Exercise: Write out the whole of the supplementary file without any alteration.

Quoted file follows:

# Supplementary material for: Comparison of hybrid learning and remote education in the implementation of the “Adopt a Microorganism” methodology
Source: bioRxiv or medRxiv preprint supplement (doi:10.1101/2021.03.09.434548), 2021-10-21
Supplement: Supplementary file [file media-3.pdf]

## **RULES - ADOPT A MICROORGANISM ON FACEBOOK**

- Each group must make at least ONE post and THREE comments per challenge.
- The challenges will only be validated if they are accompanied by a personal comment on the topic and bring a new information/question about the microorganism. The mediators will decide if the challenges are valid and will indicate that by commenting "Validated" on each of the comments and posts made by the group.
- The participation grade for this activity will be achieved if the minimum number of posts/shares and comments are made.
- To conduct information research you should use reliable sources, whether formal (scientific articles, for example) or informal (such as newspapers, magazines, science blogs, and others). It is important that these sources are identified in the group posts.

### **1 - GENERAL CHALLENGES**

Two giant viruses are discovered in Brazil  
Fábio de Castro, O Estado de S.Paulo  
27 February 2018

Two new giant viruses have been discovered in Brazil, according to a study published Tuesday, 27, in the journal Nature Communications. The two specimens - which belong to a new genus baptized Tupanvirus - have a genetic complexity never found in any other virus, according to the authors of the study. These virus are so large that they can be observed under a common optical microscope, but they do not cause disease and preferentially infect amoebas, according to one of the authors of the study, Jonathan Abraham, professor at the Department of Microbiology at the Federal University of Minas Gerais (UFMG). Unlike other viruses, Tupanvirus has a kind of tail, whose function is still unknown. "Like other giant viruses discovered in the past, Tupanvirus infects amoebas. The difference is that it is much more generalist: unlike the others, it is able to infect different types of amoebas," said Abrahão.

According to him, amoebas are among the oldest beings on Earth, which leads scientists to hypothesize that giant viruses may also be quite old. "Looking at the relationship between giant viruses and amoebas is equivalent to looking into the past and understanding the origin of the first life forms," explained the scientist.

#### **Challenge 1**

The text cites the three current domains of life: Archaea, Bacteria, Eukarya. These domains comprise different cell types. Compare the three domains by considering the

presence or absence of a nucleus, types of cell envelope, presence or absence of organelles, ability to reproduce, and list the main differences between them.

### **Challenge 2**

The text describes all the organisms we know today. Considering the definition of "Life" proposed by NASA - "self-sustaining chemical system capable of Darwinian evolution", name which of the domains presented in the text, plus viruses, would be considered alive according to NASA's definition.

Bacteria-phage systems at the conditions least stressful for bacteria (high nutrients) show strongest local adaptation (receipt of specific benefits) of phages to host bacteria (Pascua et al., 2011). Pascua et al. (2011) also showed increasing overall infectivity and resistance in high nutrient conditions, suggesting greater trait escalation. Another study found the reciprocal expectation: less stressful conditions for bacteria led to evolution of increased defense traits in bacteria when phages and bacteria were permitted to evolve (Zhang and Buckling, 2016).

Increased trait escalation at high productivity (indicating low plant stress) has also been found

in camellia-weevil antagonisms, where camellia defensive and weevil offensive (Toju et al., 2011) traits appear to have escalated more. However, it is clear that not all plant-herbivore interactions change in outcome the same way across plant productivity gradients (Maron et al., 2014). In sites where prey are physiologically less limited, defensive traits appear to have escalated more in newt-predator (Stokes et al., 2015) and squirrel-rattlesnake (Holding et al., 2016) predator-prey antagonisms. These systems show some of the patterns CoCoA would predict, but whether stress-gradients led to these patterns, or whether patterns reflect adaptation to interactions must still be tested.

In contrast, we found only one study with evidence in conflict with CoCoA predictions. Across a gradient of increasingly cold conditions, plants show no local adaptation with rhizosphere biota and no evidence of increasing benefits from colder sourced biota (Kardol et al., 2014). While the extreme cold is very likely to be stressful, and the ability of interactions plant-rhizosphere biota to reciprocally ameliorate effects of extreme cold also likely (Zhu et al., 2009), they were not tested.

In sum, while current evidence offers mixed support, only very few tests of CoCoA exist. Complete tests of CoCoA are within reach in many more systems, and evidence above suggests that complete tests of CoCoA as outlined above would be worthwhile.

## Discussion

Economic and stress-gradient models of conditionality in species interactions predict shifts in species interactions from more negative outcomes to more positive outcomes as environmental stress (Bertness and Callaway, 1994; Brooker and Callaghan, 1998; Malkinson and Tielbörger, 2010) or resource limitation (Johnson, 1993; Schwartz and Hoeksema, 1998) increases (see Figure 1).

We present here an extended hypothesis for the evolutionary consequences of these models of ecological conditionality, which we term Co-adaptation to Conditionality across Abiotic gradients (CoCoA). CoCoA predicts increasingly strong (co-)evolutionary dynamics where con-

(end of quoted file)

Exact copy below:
# Supplementary material for: Comparison of hybrid learning and remote education in the implementation of the “Adopt a Microorganism” methodology
Source: bioRxiv or medRxiv preprint supplement (doi:10.1101/2021.03.09.434548), 2021-10-21
Supplement: Supplementary file [file media-3.pdf]

## **RULES - ADOPT A MICROORGANISM ON FACEBOOK**

- Each group must make at least ONE post and THREE comments per challenge.
- The challenges will only be validated if they are accompanied by a personal comment on the topic and bring a new information/question about the microorganism. The mediators will decide if the challenges are valid and will indicate that by commenting "Validated" on each of the comments and posts made by the group.
- The participation grade for this activity will be achieved if the minimum number of posts/shares and comments are made.
- To conduct information research you should use reliable sources, whether formal (scientific articles, for example) or informal (such as newspapers, magazines, science blogs, and others). It is important that these sources are identified in the group posts.

### **1 - GENERAL CHALLENGES**

Two giant viruses are discovered in Brazil  
Fábio de Castro, O Estado de S.Paulo  
27 February 2018

Two new giant viruses have been discovered in Brazil, according to a study published Tuesday, 27, in the journal Nature Communications. The two specimens - which belong to a new genus baptized Tupanvirus - have a genetic complexity never found in any other virus, according to the authors of the study. These virus are so large that they can be observed under a common optical microscope, but they do not cause disease and preferentially infect amoebas, according to one of the authors of the study, Jonathan Abraham, professor at the Department of Microbiology at the Federal University of Minas Gerais (UFMG). Unlike other viruses, Tupanvirus has a kind of tail, whose function is still unknown. "Like other giant viruses discovered in the past, Tupanvirus infects amoebas. The difference is that it is much more generalist: unlike the others, it is able to infect different types of amoebas," said Abrahão.

According to him, amoebas are among the oldest beings on Earth, which leads scientists to hypothesize that giant viruses may also be quite old. "Looking at the relationship between giant viruses and amoebas is equivalent to looking into the past and understanding the origin of the first life forms," explained the scientist.

#### **Challenge 1**

The text cites the three current domains of life: Archaea, Bacteria, Eukarya. These domains comprise different cell types. Compare the three domains by considering the

presence or absence of a nucleus, types of cell envelope, presence or absence of organelles, ability to reproduce, and list the main differences between them.

### **Challenge 2**

The text describes all the organisms we know today. Considering the definition of "Life" proposed by NASA - "self-sustaining chemical system capable of Darwinian evolution", name which of the domains presented in the text, plus viruses, would be considered alive according to NASA's definition.

Bacteria-phage systems at the conditions least stressful for bacteria (high nutrients) show strongest local adaptation (receipt of specific benefits) of phages to host bacteria (Pascua et al., 2011). Pascua et al. (2011) also showed increasing overall infectivity and resistance in high nutrient conditions, suggesting greater trait escalation. Another study found the reciprocal expectation: less stressful conditions for bacteria led to evolution of increased defense traits in bacteria when phages and bacteria were permitted to evolve (Zhang and Buckling, 2016).

Increased trait escalation at high productivity (indicating low plant stress) has also been found

in camellia-weevil antagonisms, where camellia defensive and weevil offensive (Toju et al., 2011) traits appear to have escalated more. However, it is clear that not all plant-herbivore interactions change in outcome the same way across plant productivity gradients (Maron et al., 2014). In sites where prey are physiologically less limited, defensive traits appear to have escalated more in newt-predator (Stokes et al., 2015) and squirrel-rattlesnake (Holding et al., 2016) predator-prey antagonisms. These systems show some of the patterns CoCoA would predict, but whether stress-gradients led to these patterns, or whether patterns reflect adaptation to interactions must still be tested.

In contrast, we found only one study with evidence in conflict with CoCoA predictions. Across a gradient of increasingly cold conditions, plants show no local adaptation with rhizosphere biota and no evidence of increasing benefits from colder sourced biota (Kardol et al., 2014). While the extreme cold is very likely to be stressful, and the ability of interactions plant-rhizosphere biota to reciprocally ameliorate effects of extreme cold also likely (Zhu et al., 2009), they were not tested.

In sum, while current evidence offers mixed support, only very few tests of CoCoA exist. Complete tests of CoCoA are within reach in many more systems, and evidence above suggests that complete tests of CoCoA as outlined above would be worthwhile.

## Discussion

Economic and stress-gradient models of conditionality in species interactions predict shifts in species interactions from more negative outcomes to more positive outcomes as environmental stress (Bertness and Callaway, 1994; Brooker and Callaghan, 1998; Malkinson and Tielbörger, 2010) or resource limitation (Johnson, 1993; Schwartz and Hoeksema, 1998) increases (see Figure 1).

We present here an extended hypothesis for the evolutionary consequences of these models of ecological conditionality, which we term Co-adaptation to Conditionality across Abiotic gradients (CoCoA). CoCoA predicts increasingly strong (co-)evolutionary dynamics where con-